The high country is Clancy country, so where else to go for a Clancy Crew get together than Craig’s Hut – the hut created for the Man From Snowy River for Jim Craig. It’s on Mt Stirling and to get up there you need a 4WD – or be prepared to walk 1.7km uphill …yeah, that wasn’t going to happen.

Craig’s Hut

Although Craig’s Hut was originally built as a set for the 1982 movie The Man From Snowy River it has become a landmark in its own right – so much so that it’s difficult to believe that it hasn’t sheltered someone like Jim Craig over the years.

The original Craig’s Hut burnt down in a bushfire. This replica – with a tin rather than bark roof – was completed in 2008.

Apparently, it’s a pretty good replica of the high country settler’s huts. Regardless of whether or not it’s real, it’s extremely photogenic.

Sitting on top of Mt Stirling, the views are spectacular. Up here, on a clear day, it really does feel as though you can see forever.

Bindaree Falls…

We called in afterwards at Bindaree Falls. A short but steep walk takes you to behind the falls themselves. Well worth a detour.

Where we barbecued…

Bindaree Flat. Clancy isn’t short of bright ideas, so had thought ahead and brought along a single burner stove, frypan, sausages and bread rolls. Sadly he isn’t enough of an ideas man to have anticipated what the constant jolting would do to the beers in the esky in the back of the truck. Luckily we were able to salvage four.

Where we stayed…

Mansfield is in the foothills of the Victorian alps, an easy 40kms drive to Mt Stirling or Mt Buller, and about 180kms north east of Melbourne. With stops, I suppose it was around an 8-hour drive from Sydney. We stayed Friday and Saturday night at Mansfield Holiday Park. We booked 2 cabins and they couldn’t have been more perfect – or cost-effective. The cabins are neat, functional, comfortable and have all you need with none of the frills you don’t.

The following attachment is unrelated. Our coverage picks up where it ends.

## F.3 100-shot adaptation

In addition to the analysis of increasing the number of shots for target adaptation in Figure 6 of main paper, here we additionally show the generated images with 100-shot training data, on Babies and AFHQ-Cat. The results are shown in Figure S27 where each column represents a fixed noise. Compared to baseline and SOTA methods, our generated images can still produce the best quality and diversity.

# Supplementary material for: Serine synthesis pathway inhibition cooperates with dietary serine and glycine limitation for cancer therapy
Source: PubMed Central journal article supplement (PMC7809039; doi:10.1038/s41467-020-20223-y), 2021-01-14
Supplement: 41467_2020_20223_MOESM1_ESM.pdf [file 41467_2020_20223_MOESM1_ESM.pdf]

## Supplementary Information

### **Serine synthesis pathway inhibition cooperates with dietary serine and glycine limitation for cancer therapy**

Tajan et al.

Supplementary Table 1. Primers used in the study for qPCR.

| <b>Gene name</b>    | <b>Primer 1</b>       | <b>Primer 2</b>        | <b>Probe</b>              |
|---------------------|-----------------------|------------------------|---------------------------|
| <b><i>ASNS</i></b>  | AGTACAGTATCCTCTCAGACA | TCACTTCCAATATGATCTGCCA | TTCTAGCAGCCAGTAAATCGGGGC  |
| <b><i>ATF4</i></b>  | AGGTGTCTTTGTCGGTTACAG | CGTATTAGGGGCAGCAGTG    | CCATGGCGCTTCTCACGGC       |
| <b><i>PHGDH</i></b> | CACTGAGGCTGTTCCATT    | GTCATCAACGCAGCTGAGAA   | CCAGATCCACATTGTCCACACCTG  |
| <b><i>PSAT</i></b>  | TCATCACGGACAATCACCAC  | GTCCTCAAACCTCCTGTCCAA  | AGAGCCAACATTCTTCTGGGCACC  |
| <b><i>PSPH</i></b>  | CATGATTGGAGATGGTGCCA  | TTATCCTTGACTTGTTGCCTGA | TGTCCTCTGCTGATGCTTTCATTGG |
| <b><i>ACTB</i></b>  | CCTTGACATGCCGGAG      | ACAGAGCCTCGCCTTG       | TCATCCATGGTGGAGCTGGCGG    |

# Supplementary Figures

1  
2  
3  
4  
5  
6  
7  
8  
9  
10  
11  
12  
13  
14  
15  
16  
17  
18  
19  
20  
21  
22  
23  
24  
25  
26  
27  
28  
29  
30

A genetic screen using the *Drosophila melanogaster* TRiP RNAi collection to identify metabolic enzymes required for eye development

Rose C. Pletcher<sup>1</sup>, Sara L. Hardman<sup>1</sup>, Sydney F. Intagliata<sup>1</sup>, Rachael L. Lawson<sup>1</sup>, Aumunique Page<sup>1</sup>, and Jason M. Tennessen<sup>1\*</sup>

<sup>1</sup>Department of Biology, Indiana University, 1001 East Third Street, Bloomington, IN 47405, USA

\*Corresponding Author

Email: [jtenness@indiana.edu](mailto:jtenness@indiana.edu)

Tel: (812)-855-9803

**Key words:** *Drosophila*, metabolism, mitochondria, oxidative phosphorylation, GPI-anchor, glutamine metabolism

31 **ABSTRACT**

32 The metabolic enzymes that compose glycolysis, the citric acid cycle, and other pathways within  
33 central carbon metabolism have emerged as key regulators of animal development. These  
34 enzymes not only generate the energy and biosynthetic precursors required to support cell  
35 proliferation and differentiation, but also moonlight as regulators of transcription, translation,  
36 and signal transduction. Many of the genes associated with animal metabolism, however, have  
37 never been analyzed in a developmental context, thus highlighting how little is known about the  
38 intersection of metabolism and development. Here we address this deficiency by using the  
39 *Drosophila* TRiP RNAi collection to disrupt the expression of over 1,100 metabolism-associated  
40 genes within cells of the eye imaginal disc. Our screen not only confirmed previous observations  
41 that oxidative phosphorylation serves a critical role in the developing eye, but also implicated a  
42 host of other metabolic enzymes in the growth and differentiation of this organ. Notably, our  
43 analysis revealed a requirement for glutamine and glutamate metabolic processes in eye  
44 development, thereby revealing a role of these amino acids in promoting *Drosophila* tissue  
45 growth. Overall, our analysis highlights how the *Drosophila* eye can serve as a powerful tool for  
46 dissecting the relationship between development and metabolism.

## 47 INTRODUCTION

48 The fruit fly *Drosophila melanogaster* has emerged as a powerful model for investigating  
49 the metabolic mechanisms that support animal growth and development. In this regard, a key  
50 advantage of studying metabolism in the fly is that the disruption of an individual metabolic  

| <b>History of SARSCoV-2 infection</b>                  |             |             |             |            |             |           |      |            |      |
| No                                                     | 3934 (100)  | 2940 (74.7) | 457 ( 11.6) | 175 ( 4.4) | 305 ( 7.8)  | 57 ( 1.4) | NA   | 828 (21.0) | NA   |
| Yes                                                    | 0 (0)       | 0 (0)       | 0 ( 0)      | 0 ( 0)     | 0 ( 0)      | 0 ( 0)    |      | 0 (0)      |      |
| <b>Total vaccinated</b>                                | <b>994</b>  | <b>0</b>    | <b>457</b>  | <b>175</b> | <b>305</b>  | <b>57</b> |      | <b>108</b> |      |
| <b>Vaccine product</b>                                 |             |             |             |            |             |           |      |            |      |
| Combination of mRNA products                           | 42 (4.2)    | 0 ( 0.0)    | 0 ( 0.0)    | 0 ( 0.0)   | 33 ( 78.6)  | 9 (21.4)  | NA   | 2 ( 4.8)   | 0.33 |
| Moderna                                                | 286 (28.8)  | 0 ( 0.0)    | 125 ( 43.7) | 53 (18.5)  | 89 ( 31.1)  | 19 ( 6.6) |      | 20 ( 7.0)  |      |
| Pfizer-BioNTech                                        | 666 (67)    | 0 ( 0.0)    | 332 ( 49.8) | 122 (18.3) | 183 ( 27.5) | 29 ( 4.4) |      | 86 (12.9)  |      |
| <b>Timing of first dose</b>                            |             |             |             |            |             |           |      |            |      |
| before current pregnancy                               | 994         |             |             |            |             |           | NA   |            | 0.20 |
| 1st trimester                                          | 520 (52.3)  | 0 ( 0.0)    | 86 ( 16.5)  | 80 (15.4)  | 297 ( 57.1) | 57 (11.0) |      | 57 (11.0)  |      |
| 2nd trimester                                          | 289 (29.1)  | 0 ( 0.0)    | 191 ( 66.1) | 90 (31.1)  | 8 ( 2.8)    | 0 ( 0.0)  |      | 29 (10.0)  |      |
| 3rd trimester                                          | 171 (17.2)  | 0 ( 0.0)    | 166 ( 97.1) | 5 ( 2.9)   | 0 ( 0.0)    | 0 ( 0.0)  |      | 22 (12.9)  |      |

What else…

While there are plenty of places up around Mt Stirling to camp and picnic, you need to bring everything in with you – and take everything back out – and that includes your rubbish. There are toilets up there, but they’re long drops and you’ll need to have your own toilet paper.

Craig’s Hut is subject to seasonal road closures, so before heading up here check in with the Mansfield Visitor Centre.

How not to cook a stew…

The first time us Clancy’s went “camping” together things didn’t go exactly according to plan. We were staying at a family member’s property near Eucumbene – in the south of NSW near the Snowy Mountains. It’s about a 40-minute drive from Cooma and the same from Jindabyne and in the winter that means it’s cold.

We were staying in what used to be worker’s cabins from the Snowy Mountains Hydro Scheme. We sleep in sleeping bags so, in a way, it feels like camping – or at least glamping – so that’s what we call it.  There’s a bathroom inside as well as an outside dunny with no door and a view to the bush and any passing kangaroo. We have a television for DVDs – there’s no TV reception -and aside from one point just outside the kitchen window, there’s no mobile reception.

The plan was simple. Even though there is a kitchen inside, we weren’t going to use it. No inside cooking. Unless it could be cooked outside- either on the barbecue or in the “camp” fire, we wouldn’t eat it.  How hard could it be?